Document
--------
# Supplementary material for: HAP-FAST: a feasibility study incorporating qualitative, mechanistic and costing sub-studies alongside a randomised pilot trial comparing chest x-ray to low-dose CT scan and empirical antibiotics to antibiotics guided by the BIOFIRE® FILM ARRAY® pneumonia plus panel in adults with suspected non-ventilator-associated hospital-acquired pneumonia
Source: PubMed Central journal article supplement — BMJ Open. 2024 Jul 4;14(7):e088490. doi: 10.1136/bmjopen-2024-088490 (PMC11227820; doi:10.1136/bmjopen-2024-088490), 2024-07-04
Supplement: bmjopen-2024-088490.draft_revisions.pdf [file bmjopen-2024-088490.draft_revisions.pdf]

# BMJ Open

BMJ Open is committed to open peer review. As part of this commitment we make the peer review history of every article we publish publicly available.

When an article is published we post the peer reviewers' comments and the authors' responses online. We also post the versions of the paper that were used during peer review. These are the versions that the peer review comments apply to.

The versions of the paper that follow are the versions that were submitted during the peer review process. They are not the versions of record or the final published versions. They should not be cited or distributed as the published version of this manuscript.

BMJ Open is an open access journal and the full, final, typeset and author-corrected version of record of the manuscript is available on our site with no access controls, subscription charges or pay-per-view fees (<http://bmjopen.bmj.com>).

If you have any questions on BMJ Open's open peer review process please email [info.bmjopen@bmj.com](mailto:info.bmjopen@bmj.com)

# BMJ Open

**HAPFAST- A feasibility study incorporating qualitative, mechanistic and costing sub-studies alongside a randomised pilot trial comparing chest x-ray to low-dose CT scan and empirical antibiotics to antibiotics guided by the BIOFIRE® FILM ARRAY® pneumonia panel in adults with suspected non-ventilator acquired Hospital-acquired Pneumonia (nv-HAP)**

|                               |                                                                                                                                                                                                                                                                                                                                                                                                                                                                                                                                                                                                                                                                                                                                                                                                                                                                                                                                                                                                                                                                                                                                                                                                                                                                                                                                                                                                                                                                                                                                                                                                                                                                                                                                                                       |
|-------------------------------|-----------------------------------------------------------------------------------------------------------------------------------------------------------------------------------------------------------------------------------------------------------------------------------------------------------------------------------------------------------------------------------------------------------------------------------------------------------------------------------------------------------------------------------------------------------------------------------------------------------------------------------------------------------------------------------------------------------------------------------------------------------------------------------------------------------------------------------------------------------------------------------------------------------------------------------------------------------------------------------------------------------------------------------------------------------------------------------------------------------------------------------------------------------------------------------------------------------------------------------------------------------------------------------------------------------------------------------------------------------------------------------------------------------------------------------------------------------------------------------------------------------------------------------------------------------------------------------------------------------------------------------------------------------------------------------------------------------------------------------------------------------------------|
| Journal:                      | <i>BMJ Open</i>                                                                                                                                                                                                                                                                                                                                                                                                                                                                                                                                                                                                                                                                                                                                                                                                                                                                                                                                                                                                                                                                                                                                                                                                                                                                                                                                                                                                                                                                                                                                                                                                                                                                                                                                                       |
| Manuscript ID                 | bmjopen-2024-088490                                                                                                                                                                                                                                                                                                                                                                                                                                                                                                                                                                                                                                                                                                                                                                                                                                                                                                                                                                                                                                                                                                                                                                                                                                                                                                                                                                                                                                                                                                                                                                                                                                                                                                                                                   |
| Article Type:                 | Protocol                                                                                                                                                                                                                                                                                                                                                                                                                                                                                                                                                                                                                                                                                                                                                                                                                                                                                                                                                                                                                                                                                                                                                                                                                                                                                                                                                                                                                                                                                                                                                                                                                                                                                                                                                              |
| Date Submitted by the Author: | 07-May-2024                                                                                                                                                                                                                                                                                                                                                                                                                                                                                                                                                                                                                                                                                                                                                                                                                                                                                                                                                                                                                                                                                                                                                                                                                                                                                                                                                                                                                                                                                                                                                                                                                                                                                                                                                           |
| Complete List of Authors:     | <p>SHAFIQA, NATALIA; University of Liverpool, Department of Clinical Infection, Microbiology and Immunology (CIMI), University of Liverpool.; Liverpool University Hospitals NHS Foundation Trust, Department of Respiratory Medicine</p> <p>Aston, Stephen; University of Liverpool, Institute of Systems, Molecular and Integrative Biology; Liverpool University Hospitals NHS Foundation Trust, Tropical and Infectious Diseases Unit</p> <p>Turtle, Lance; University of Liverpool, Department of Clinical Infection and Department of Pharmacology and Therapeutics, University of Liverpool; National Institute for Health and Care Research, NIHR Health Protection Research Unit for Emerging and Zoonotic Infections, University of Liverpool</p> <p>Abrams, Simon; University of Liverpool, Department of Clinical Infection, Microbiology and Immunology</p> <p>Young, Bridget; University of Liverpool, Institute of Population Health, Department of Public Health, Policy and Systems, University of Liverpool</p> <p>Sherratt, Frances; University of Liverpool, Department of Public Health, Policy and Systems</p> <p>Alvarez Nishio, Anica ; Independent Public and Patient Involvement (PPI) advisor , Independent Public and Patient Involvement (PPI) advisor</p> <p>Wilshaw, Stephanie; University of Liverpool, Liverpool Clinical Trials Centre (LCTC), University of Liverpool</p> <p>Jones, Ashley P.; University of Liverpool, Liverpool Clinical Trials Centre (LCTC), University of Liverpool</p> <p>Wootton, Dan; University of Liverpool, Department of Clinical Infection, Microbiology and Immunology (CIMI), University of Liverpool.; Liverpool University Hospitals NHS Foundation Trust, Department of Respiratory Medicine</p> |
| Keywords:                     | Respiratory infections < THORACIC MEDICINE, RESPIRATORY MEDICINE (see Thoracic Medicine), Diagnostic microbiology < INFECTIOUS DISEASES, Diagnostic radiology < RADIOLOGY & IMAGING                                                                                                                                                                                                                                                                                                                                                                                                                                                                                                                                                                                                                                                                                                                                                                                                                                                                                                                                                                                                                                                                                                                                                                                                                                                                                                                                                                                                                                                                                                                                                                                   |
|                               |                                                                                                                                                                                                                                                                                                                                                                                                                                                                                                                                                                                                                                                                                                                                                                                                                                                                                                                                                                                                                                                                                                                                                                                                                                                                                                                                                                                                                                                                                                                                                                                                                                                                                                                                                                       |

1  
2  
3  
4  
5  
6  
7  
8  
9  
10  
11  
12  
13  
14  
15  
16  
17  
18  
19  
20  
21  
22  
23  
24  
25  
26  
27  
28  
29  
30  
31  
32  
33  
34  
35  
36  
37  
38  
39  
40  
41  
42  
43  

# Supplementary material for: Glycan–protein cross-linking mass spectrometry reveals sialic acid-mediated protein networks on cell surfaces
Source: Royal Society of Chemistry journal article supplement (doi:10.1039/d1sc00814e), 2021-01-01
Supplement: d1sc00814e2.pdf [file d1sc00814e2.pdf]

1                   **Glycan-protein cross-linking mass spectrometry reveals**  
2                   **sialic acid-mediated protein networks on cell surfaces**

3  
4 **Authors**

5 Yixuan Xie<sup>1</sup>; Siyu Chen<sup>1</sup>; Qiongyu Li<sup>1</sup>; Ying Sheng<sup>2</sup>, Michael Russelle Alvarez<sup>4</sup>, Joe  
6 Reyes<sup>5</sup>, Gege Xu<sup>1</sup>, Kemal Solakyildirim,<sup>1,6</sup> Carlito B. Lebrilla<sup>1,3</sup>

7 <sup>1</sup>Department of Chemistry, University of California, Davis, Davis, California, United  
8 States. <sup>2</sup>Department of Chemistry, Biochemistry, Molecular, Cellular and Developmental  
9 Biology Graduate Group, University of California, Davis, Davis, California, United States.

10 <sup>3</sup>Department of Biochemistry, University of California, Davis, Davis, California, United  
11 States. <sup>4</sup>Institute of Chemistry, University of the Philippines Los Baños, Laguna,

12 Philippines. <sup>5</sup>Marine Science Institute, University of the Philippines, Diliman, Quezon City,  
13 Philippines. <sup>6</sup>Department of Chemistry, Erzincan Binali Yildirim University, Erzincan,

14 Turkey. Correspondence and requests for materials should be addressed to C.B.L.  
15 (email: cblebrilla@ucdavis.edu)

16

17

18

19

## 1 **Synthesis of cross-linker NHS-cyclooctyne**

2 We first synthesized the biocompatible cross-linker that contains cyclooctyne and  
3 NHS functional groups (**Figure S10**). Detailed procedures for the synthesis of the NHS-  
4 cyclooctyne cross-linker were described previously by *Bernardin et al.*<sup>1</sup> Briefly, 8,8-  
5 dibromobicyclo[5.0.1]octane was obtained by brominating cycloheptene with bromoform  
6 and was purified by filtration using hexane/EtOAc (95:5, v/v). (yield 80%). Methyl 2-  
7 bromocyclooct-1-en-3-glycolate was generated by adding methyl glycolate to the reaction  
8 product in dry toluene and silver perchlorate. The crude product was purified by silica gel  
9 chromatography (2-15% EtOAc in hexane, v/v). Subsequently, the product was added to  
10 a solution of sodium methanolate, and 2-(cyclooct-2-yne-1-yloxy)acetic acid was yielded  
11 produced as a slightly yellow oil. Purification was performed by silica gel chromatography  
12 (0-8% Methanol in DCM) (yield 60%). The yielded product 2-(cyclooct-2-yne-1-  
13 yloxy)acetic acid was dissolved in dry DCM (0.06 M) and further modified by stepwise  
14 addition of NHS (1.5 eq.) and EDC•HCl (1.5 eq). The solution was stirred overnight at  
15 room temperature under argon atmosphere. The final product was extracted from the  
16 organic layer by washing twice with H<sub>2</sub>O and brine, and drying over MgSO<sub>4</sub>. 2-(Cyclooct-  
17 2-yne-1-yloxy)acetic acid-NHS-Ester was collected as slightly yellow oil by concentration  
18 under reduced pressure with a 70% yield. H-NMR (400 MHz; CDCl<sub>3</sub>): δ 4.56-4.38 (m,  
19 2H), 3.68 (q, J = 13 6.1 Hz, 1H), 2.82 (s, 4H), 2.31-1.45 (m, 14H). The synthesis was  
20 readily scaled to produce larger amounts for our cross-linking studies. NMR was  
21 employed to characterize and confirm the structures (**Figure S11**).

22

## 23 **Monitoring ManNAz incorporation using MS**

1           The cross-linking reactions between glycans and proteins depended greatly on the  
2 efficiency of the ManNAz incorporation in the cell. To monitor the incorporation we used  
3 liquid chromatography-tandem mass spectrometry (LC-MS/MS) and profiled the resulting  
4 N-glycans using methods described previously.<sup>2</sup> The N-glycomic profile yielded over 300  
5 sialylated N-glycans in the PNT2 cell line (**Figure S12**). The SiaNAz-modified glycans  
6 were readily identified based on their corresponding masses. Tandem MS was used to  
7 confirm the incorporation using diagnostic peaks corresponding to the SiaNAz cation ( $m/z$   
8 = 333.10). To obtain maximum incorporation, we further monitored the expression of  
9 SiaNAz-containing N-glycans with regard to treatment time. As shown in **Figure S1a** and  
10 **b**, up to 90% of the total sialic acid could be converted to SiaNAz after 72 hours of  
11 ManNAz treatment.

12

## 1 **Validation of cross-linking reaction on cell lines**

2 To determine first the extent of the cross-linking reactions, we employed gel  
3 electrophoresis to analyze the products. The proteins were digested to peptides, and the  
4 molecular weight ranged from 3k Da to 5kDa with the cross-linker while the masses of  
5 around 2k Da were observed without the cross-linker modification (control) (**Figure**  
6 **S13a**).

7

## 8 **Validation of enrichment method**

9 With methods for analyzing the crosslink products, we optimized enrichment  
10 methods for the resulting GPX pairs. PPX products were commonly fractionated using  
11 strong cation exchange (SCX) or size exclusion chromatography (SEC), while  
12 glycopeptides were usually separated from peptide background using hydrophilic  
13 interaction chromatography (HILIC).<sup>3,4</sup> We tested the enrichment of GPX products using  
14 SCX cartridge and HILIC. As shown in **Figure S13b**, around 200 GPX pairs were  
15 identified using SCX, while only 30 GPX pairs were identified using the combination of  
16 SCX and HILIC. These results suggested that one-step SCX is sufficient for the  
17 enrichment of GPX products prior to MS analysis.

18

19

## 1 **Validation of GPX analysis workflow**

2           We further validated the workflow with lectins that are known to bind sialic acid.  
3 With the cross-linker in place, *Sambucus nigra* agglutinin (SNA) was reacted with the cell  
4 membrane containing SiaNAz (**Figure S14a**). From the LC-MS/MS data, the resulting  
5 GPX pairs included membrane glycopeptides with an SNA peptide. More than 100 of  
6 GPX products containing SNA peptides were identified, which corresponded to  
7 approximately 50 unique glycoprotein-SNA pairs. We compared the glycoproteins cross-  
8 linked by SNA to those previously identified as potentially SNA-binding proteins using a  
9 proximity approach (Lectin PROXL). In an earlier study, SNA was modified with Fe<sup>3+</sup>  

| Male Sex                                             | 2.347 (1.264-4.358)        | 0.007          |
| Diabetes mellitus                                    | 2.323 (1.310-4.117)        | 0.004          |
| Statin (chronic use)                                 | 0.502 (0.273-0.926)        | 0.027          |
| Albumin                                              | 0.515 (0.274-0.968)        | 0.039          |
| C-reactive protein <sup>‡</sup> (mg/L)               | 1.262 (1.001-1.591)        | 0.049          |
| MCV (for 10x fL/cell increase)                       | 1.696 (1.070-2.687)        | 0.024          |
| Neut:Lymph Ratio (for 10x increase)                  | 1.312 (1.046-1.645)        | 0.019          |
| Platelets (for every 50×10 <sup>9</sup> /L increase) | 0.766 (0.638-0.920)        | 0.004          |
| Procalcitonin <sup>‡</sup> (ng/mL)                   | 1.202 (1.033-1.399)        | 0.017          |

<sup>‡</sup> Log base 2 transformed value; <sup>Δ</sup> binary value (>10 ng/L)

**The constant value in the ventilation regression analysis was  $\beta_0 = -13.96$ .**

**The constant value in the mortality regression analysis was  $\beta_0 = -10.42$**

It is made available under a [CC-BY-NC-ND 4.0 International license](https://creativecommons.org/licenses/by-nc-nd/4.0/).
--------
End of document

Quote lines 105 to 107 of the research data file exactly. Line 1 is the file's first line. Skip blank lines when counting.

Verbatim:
20 readily scaled to produce larger amounts for our cross-linking studies. NMR was  
21 employed to characterize and confirm the structures (**Figure S11**).

22